Photo: CNN's Anderson Cooper has had his fill of members of the Mubarak regime in Egypt. He let them have it with both barrels this week, repeatedly accusing the government of lying to its people and the world. Credit: Bryan Bedder / Getty Images


Comments () | Archives (56)

The comments to this entry are closed.

where were you during the bush "pants on fire" years, anderson?

Marc Cooper makes a key point. It would be nice to see AC call Mitch McConnell and John Boehner liars whenever they claim that giving tax cuts to the wealthy creates jobs. A lie is a lie.

Journalists have every right, indeed an obligation, to reveal lies and misbehavior by governments, politicians or other public officials.

But, this can and should be done the traditional way - through solid journalism. If Cooper descends into what is a copycat kind of opinionated "reporting," I frankly hope it bombs.

CNN may see this as a way to make more money by competing with Fox News and MSNBC. The facf remains that there is no substitute for objective journalism. The news doesn't have to be dumbed down for reasonably intelligent viewers to understand it.

James Rainey, you are a liar. Mubarak's "distorting the truth" or "hiding the truth" are INDEED derivatives of the word "lie and not "change-ups" as you try to twist. It might be time to get a new tote board. Haven't you heard of lies of omission? Look up "lie" in the dictionary before you call yourself a writer. It's embarrassing.

Marc Cooper, you too are a liar. Anderson Cooper DOES call out American politicians when they lie. Suggesting otherwise is a lie in itself... or sheer ignorance. Which is it? What do you think that "Keeping Them Honest" segment is about every night? Your ignorance is no excuse considering your position at USC.

The goal of every journalist should be to find the truth and the effort to seek verifiable, factual truth should be championed, not criticized. Your own lack of objectivity is showing. Shame on you both.

As for Anderson, his personal comments and opinions should be eliminated if he is going to be a true journalist. On that point I can agree.

Cooper is a grand standing joke. He has virtually no ratings, & he acts like a big sissy over a few punches. Did anyone see the beating those two Fox
reporters took from the police thugs?, they were nearly killed the other
day. Cooper is a wimpy version of Geraldo Rivera with with well monied genes & finishing school.

Uh - if we called out all the lying liars (whatever nationality, but politicians only) and the lies (on whatever subject) they tell, there would be no time to report any other news. Let's simply assume that as a given and go forward.

Kudos to Cooper for doing what is missing in much of media. i.e Exposing deceit and yes Lies. Don't be so flip about hearing the term 'lies' many times, like you're soooo tired of hearing about it sitting on your couch. People have their skulls cracked open because of one little 'lie ' told on State TV, which took maybe 15 seconds. But hundreds got their heads beat, including Cooper.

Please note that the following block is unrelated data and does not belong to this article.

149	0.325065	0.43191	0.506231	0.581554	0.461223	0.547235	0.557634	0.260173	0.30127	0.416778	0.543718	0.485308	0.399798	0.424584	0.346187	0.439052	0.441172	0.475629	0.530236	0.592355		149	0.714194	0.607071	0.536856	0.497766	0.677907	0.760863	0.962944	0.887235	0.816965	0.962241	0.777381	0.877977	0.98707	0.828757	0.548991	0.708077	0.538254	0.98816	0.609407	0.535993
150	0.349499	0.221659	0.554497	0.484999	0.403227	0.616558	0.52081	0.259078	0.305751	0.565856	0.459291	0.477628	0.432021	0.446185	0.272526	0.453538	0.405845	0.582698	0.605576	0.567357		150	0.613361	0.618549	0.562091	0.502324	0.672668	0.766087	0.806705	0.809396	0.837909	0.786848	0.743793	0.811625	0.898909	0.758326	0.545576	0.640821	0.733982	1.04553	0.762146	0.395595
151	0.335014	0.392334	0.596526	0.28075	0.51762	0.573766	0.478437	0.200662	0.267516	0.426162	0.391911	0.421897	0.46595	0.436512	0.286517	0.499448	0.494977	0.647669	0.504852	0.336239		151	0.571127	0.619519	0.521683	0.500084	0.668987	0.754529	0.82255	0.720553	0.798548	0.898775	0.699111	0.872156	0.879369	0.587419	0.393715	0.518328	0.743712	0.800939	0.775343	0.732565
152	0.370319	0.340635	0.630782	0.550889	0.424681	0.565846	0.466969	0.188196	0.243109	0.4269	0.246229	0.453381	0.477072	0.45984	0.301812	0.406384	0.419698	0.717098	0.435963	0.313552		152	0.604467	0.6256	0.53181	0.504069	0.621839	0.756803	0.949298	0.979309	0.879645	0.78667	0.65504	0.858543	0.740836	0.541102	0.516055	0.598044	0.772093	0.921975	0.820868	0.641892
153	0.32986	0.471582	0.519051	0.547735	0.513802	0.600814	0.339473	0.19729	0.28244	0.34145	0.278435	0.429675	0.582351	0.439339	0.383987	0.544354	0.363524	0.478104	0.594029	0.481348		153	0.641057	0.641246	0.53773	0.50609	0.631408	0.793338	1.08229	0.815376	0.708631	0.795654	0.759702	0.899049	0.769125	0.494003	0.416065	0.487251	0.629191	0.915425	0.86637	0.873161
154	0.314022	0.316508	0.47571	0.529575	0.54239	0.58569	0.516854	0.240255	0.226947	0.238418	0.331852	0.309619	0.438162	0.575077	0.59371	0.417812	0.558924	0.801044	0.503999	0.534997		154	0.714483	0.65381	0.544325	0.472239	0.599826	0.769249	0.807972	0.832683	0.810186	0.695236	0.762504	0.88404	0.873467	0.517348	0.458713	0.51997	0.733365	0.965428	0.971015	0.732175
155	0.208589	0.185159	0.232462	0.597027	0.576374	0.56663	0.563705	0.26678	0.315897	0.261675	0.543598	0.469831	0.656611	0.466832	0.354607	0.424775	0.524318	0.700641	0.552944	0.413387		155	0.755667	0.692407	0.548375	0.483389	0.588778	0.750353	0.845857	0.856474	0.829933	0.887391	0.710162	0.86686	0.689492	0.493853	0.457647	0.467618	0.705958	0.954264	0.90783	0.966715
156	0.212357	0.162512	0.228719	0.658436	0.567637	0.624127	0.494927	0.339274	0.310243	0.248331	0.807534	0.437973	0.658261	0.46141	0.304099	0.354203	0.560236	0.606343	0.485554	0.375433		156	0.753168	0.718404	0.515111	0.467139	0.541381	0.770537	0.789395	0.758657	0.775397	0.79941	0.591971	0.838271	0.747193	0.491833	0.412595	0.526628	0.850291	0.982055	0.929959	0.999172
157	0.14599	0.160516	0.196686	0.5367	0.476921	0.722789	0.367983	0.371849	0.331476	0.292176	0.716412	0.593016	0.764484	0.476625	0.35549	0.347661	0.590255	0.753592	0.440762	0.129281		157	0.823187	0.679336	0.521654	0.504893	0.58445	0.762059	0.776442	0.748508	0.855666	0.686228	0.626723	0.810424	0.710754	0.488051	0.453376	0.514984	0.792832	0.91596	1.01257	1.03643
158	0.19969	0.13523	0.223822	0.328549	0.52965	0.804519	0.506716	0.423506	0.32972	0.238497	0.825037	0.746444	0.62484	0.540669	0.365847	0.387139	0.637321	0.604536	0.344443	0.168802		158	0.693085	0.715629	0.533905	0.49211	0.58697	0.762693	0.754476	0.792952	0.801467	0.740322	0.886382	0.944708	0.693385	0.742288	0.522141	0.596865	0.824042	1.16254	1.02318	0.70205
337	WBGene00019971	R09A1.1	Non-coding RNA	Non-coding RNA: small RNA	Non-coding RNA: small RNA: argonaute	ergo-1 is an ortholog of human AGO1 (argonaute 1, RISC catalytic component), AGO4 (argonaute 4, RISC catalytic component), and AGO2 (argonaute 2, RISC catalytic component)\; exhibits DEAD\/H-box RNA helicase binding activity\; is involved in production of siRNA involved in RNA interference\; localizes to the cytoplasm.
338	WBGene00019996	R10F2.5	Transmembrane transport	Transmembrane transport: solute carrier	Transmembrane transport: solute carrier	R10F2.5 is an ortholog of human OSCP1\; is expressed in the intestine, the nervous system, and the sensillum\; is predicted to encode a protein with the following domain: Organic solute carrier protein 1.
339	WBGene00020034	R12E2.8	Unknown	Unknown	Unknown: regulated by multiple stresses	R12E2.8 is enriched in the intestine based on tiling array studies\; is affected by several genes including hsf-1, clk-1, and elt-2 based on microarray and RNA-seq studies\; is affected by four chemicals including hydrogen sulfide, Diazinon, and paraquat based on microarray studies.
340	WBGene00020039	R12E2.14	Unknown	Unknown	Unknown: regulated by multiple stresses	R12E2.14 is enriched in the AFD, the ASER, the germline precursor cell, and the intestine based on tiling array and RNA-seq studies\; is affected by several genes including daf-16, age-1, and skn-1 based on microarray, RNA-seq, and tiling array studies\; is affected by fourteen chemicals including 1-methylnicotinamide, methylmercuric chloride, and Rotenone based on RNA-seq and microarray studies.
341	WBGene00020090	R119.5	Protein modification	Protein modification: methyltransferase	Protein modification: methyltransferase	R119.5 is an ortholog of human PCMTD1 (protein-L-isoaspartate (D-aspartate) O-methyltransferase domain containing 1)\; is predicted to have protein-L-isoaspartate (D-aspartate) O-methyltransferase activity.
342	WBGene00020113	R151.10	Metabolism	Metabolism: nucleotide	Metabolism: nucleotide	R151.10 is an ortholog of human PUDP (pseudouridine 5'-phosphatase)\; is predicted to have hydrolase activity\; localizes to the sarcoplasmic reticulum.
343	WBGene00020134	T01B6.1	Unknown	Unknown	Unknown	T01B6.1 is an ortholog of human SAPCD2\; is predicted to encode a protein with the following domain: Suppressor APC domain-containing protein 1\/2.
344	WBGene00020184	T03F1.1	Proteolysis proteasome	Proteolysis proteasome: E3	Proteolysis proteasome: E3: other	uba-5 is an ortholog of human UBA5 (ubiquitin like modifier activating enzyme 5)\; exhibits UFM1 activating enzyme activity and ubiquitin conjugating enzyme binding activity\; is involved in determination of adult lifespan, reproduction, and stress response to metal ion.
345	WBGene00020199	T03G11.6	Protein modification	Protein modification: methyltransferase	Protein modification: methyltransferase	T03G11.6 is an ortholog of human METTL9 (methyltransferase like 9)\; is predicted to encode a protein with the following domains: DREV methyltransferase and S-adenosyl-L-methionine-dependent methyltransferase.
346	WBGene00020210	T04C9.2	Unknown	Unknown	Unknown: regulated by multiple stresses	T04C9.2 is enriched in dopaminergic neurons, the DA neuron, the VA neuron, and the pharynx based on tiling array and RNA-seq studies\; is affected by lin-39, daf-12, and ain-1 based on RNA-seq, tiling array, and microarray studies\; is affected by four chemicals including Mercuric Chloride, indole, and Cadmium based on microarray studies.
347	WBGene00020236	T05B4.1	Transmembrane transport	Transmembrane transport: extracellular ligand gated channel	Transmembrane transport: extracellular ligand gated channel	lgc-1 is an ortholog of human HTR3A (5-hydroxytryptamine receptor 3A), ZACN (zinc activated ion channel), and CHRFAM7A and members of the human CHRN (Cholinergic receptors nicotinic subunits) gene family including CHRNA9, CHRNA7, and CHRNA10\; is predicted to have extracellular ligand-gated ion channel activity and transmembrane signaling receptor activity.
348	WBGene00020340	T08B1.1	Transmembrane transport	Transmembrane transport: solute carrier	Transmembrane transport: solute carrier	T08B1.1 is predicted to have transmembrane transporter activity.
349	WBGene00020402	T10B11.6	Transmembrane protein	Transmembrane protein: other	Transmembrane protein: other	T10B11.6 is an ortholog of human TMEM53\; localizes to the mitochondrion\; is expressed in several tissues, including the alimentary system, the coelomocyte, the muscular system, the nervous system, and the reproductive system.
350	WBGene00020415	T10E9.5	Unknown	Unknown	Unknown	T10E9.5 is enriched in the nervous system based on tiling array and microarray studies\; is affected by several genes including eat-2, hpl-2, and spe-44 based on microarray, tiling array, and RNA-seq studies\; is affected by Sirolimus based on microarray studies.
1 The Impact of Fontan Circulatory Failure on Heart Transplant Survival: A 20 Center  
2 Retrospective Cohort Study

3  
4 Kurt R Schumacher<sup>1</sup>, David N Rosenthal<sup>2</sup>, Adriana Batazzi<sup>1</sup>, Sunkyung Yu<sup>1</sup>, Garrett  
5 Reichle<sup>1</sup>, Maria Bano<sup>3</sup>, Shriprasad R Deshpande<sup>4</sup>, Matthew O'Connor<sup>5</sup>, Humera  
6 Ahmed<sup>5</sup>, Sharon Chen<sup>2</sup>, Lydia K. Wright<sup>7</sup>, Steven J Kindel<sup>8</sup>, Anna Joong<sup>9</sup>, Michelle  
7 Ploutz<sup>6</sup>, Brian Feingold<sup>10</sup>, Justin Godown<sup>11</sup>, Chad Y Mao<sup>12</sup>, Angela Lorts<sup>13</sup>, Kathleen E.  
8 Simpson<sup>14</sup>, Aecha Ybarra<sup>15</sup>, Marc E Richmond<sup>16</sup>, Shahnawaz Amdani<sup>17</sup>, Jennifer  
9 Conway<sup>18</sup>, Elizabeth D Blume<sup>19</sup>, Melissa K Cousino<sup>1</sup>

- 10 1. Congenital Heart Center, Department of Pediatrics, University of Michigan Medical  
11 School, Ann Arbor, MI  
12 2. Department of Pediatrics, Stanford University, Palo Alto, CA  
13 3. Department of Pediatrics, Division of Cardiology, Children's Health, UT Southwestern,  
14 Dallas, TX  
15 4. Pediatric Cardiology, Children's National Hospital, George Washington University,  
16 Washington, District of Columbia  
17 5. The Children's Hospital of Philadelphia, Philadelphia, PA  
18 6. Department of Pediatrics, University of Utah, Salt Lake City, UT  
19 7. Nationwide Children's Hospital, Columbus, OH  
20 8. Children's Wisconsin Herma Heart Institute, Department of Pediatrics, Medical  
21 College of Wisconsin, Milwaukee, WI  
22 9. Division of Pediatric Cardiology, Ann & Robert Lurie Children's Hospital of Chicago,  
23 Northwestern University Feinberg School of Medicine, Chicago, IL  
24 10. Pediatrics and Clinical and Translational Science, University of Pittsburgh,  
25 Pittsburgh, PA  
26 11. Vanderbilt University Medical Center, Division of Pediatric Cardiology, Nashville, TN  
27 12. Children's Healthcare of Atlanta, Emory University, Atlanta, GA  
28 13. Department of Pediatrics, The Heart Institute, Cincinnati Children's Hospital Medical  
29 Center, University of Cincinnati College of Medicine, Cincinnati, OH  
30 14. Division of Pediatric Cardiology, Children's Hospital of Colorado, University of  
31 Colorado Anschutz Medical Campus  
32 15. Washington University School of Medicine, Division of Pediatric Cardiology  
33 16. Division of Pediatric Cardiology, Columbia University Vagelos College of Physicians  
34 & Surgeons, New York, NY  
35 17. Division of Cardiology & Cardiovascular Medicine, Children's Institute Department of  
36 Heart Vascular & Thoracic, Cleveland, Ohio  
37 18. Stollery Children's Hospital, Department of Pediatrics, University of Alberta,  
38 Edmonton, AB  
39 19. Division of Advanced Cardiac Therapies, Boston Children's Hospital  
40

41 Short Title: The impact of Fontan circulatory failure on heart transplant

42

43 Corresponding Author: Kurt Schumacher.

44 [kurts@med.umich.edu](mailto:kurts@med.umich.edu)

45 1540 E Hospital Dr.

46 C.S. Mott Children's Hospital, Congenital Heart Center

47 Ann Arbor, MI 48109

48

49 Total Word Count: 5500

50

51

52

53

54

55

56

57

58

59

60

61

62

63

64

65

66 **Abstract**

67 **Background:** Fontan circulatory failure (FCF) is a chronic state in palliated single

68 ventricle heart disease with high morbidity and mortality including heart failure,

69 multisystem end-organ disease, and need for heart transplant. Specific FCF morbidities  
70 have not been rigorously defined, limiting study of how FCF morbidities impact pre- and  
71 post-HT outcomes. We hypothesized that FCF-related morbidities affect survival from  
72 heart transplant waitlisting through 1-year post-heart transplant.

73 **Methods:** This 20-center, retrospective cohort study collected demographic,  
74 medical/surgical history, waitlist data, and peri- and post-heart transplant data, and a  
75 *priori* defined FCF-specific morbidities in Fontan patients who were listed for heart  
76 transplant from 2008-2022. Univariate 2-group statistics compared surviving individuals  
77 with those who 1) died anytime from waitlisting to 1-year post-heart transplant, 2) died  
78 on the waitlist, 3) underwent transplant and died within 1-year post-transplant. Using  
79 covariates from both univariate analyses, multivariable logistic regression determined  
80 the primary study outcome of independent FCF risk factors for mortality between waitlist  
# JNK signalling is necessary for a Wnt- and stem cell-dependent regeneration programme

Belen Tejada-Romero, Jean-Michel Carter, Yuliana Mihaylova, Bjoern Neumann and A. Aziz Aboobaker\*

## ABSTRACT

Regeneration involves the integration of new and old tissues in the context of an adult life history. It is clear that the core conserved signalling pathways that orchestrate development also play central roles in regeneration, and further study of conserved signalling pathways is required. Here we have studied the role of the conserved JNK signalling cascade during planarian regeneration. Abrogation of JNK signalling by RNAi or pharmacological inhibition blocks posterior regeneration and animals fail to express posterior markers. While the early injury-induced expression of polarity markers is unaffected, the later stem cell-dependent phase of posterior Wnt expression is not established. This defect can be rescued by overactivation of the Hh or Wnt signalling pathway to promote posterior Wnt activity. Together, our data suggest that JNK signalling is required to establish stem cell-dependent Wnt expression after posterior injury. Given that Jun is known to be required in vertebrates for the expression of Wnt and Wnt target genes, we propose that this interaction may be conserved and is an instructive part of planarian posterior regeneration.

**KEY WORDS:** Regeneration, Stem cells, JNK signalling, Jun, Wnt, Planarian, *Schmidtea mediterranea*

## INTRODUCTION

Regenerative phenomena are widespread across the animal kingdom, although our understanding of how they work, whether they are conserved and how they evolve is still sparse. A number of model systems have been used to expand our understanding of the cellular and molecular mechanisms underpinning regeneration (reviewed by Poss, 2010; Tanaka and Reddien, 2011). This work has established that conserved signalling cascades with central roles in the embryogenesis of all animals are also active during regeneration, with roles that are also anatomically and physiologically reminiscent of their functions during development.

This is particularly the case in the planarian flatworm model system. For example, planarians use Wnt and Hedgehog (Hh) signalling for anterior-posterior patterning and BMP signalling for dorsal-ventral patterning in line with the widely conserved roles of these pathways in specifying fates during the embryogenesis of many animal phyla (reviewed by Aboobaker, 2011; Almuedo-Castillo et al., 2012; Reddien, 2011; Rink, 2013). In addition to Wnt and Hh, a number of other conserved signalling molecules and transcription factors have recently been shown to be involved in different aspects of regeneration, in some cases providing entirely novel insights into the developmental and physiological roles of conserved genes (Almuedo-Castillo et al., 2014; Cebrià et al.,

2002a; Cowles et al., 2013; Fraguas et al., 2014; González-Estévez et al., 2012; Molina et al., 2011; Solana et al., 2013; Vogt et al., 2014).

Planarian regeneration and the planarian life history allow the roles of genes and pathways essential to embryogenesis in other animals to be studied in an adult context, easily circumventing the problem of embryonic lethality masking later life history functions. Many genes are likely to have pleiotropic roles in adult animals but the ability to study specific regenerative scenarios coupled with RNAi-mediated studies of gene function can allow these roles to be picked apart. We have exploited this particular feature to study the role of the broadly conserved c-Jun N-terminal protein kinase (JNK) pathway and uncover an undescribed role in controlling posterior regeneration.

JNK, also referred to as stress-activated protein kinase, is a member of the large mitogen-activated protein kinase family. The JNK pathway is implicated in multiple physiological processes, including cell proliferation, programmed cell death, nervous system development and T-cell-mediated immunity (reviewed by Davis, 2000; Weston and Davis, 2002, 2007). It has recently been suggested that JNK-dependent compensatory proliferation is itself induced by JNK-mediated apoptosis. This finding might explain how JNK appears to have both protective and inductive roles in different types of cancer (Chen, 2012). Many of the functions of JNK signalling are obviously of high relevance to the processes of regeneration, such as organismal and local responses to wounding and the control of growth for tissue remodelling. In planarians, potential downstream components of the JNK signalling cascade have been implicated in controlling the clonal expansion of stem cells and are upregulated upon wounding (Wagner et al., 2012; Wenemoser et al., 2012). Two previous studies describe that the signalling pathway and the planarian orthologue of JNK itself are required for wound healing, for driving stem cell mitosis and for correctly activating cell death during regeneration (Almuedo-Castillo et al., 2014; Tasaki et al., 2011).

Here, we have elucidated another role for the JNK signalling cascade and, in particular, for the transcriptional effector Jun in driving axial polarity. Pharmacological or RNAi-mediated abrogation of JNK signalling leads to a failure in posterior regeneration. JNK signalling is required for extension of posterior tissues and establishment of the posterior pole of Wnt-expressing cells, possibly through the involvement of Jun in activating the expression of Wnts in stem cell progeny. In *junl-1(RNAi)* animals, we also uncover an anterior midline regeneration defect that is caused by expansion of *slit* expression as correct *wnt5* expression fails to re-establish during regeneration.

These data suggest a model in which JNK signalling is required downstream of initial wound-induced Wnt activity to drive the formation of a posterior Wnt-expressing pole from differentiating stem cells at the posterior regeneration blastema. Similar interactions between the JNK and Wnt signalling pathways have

So be a little more respectful and understand that lies lead to deaths, and tragedy. And it is the absolute mission of reporters, journalists, anybody who has ANYTHING to do with media (TV, internet, radio), even making coffee for anchors, to stand up and expose LIES. Because ordinary people have no means to do it. It is the solemn obligation of those who control the airwaves to shut down lies, because if they don't , people will die, and the lies will only grow.

Totally agree about calling anyone out for telling blatant lies and spreading purposeful misinformation. Problem is everyone lies to themselves, about themself, someone or some thing for self-preservation. No one is immune especially in this competitive society. For a network to do this would expose their top executives to scathing criticism and shine a bright light on their blatant hypocrisy.

James Rainey makes a good point in stating how refreshing it would be if AC's "piercing candor" was directed at lying American politicians. CNN has been such a "he said, she said" news operation that it's largely lost truth and facts in politics.

With the occasional exception of AC, interviews with politicians -- especially so-called "conservative" ones -- seem like canned events where softball questions enable one talking point another. Blatant lies in response to these questions go unchallenged by on air talent like Wolf Blitzer and John King.

Too often, CNN covers and unwittingly gives credibility to fringe elements of society, staying in "he said, she said" mode while fact checking little or nothing. Although often accused by right wing radicals -- a more accurate description of most American "conservatives" -- of being liberal, CNN has helped make media stars out of Sarah Palin and a host of other nasty telegenic no nothings on the right wing.

Cooper is becoming just like those journalists/teleprompter readers that preceeded him. More opinions than factual news reporting. The new breed of reporters are more interested in becoming the news than reporting it.